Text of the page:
Northwest Tribe’s Strategy for Coping with Rising Ocean Levels

Credits: NPR

In a lush stretch of forest along Washington state’s outer coast, the Quinault Indian Nation is preparing for the future by moving its villages away from the rising Pacific Ocean and tsunamis.

Over the last decade, the coastal tribe has been working on relocating its villages out of the reach of the expanding ocean, setting an example for other communities facing the challenges of climate change.

Taholah, the largest village on the Quinault Reservation, sits at the confluence of the Quinault River and the Pacific Ocean. To protect it from pounding waves, a seawall made of massive boulders has been erected.

Rising Ocean Levels (Credits:

However, the seawall is not always sufficient to withstand the forces of nature. Lia Frenchman, a Quinault tribal member, and historic preservation officer, acknowledges the inevitable: “My street will inevitably be in the ocean at some point.”

Frenchman’s home, like many others in Taholah, faces the threat of flooding during the highest tides of the year, known as king tides.

Tidal flooding poses a significant risk to Taholah’s residents, and the effects are felt every winter, with waves occasionally depositing large driftwood logs onto the seawall and into people’s backyards.

The village of 800 people has experienced evacuations due to tidal flooding, highlighting the urgency of finding a more sustainable solution.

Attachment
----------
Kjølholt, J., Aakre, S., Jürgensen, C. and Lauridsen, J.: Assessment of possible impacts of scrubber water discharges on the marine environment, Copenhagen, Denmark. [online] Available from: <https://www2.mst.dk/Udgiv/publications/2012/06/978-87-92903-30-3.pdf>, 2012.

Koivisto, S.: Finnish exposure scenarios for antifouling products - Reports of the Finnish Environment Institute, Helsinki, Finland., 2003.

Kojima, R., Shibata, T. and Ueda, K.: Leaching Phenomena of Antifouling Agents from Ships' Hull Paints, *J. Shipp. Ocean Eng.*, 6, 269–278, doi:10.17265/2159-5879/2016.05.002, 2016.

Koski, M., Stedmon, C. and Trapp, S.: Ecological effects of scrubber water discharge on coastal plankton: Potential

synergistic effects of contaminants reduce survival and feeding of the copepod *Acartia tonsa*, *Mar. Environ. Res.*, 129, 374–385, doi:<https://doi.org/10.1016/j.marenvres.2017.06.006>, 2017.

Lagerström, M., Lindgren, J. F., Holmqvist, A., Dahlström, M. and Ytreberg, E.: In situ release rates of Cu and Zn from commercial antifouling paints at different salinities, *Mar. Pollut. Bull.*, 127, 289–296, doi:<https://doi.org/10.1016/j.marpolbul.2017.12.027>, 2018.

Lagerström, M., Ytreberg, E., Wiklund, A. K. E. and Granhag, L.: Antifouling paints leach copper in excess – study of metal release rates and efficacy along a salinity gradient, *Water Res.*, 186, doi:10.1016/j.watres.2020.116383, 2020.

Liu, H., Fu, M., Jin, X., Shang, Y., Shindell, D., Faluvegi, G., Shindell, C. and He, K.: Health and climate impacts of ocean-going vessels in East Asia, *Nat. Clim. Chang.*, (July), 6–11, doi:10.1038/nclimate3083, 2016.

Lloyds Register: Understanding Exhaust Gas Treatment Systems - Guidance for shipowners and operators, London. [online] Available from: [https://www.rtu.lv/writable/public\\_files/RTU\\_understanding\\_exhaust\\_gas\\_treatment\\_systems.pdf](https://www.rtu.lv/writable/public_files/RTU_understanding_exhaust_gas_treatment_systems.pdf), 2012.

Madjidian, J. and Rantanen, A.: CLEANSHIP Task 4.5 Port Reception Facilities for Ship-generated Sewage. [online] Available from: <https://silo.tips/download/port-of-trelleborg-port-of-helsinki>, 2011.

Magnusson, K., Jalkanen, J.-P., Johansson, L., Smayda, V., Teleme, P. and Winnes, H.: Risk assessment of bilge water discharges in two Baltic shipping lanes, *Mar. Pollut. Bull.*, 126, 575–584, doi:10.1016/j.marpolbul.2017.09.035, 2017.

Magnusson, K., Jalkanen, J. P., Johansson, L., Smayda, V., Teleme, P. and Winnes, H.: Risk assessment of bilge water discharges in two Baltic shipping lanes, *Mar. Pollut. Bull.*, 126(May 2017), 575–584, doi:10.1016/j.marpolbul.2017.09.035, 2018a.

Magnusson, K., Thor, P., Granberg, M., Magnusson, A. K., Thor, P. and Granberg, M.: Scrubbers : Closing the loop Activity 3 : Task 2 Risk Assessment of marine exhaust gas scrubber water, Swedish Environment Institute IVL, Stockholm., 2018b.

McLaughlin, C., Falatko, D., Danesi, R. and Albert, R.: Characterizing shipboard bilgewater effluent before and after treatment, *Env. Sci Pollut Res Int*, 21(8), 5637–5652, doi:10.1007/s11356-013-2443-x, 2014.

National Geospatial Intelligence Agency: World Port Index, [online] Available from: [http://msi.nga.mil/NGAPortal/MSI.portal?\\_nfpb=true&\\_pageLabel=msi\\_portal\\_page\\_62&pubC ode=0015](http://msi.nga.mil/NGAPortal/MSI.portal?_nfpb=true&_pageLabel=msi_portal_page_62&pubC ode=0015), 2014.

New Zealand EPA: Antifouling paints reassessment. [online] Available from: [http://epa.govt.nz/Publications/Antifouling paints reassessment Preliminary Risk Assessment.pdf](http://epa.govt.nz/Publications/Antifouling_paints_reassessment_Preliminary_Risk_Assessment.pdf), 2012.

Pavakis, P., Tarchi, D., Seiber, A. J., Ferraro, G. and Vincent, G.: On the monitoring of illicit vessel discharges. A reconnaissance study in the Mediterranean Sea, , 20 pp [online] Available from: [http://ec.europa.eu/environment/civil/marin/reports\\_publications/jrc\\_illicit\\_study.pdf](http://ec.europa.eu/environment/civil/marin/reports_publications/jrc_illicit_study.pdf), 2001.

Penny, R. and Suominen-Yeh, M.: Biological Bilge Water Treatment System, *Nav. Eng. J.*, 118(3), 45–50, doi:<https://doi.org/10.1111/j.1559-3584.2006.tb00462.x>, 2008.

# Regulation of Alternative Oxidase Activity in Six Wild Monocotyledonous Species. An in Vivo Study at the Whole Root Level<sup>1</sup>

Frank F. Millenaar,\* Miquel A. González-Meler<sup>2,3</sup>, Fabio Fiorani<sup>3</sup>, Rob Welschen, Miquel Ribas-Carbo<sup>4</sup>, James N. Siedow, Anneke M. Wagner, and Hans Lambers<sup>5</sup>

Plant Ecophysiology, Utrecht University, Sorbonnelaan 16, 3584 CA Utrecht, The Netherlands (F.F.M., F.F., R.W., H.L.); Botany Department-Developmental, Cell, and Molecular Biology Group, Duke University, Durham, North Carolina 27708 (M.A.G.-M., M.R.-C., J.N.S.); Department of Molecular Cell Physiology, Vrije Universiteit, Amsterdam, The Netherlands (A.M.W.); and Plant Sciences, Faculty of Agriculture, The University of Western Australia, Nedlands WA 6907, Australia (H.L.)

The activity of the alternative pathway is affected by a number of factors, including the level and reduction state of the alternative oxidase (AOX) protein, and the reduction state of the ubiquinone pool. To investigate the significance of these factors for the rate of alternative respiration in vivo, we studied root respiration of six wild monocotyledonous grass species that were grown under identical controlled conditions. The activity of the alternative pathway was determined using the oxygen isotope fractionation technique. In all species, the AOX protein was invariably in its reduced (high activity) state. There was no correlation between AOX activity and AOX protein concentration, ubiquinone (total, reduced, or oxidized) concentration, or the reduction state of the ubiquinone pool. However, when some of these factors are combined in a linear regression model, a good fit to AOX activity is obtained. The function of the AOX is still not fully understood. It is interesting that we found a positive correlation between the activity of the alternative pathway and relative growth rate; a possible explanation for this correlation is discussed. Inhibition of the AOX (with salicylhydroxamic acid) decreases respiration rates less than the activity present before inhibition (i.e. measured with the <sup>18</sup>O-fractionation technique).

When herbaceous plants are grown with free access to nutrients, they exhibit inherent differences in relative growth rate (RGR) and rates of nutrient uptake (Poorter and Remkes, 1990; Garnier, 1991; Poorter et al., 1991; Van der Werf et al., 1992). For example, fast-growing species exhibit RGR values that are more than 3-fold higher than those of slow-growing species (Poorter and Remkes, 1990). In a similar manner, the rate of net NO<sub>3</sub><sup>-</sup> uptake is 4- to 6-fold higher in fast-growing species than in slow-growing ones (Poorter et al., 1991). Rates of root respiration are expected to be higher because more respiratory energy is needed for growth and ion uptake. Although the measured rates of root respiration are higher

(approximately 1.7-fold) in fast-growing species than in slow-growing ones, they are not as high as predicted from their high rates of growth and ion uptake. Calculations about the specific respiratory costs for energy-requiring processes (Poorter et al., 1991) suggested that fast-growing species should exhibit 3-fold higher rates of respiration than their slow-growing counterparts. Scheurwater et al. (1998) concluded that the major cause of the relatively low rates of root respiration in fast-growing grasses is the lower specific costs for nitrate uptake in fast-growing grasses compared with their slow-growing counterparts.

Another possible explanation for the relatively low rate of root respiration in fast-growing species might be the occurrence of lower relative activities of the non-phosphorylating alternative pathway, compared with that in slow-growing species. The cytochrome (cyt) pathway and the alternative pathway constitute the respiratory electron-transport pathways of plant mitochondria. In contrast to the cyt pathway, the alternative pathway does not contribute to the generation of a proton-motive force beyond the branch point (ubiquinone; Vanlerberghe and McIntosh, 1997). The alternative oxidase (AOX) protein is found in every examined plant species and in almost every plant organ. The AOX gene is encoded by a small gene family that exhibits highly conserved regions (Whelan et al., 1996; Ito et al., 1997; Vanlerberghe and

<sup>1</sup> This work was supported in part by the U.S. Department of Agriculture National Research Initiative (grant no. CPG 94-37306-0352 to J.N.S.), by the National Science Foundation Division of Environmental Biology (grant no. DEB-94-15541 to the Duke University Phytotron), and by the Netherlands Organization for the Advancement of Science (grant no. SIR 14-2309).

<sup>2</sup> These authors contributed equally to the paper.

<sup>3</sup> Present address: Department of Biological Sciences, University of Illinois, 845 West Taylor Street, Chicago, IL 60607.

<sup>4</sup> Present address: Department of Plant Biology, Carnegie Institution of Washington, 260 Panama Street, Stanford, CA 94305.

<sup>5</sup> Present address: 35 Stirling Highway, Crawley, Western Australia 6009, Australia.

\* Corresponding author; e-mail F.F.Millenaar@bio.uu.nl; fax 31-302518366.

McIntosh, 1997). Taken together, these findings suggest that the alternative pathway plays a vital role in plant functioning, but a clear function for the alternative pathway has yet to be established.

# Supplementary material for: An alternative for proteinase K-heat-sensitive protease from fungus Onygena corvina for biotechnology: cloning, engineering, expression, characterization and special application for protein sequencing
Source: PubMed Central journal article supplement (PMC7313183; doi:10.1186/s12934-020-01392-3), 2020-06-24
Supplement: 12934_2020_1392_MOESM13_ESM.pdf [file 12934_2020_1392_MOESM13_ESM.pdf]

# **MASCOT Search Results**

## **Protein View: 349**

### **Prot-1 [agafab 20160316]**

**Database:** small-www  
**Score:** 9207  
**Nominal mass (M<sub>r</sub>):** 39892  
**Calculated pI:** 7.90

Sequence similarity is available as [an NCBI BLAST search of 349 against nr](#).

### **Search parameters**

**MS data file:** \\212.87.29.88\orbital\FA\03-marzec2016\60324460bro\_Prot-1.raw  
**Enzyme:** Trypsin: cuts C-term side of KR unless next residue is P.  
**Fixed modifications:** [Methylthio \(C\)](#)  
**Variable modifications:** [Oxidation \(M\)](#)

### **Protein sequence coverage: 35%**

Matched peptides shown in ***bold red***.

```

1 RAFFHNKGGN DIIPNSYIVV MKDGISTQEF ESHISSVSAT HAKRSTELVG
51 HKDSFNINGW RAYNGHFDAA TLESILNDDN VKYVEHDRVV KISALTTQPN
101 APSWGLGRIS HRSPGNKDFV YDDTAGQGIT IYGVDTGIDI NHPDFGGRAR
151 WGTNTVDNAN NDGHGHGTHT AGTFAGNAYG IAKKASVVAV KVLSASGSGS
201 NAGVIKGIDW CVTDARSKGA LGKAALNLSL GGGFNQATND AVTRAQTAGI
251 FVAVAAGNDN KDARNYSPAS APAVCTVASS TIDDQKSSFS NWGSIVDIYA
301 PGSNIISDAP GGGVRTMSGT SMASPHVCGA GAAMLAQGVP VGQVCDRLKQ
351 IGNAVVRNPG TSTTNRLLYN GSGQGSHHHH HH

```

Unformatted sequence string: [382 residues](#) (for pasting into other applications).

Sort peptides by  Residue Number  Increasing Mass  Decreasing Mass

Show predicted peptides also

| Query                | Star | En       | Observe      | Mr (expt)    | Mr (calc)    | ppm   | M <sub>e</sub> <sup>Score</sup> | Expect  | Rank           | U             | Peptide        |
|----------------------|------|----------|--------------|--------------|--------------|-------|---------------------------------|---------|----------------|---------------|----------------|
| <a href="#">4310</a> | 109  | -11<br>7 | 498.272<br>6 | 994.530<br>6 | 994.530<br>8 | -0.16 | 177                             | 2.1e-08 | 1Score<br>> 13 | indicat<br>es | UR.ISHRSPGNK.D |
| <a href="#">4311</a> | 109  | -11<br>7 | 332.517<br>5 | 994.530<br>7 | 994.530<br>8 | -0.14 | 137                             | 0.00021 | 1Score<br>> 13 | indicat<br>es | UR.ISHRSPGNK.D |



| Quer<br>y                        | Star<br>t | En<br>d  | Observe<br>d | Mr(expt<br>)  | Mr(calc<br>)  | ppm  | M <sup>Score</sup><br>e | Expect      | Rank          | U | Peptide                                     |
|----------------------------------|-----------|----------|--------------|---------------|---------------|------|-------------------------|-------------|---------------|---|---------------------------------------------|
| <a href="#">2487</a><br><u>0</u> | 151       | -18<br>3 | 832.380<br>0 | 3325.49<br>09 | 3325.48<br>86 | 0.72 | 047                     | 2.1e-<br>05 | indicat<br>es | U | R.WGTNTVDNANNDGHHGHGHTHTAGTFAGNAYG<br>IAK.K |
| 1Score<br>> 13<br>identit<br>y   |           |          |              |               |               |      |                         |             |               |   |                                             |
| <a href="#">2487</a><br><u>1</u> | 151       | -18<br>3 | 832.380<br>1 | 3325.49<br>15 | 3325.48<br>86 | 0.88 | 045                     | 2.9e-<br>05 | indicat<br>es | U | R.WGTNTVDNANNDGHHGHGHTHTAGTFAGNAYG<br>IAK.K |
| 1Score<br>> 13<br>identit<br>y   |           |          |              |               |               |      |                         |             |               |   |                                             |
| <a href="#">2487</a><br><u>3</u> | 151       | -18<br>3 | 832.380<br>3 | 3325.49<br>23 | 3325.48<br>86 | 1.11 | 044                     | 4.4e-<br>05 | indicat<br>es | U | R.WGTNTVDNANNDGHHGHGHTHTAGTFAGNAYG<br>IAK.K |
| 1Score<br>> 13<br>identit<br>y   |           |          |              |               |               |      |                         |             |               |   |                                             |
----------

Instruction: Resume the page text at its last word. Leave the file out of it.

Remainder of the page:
Taholah is not only vulnerable to regular tidal flooding but also faces the potential of a devastating tsunami if a major earthquake occurs in the nearby Cascadia Subduction Zone.

The Quinault Nation has embraced a strategy known as “managed retreat,” acknowledging the long-term impacts of human-driven climate change on coastal communities. Managed retreat involves moving communities away from vulnerable areas to safer locations.

While this approach can be emotionally and financially challenging, it is increasingly recognized as a necessary response to rising sea levels and other climate-related threats.

Taholah has taken concrete steps towards a managed retreat, marking a notable effort in the United States to address climate change-induced challenges.

In December, the Quinault government achieved a significant milestone by developing infrastructure for a new village site, located about a mile from the current lower village and 130 feet above sea level.

The new site, set against the tribe’s timberlands, features streets, sidewalks, and utilities, laying the foundation for housing construction.

The Quinault tribal council aims to have the first elders move into new homes within the next year or two, with the full relocation expected to take at least another decade.

The Quinaults’ proactive approach to addressing the impacts of climate change sets a precedent for other coastal communities facing similar challenges worldwide.

As global sea levels continue to rise due to climate change, the experiences of communities like Taholah underscore the importance of adaptation and planning for a sustainable future.

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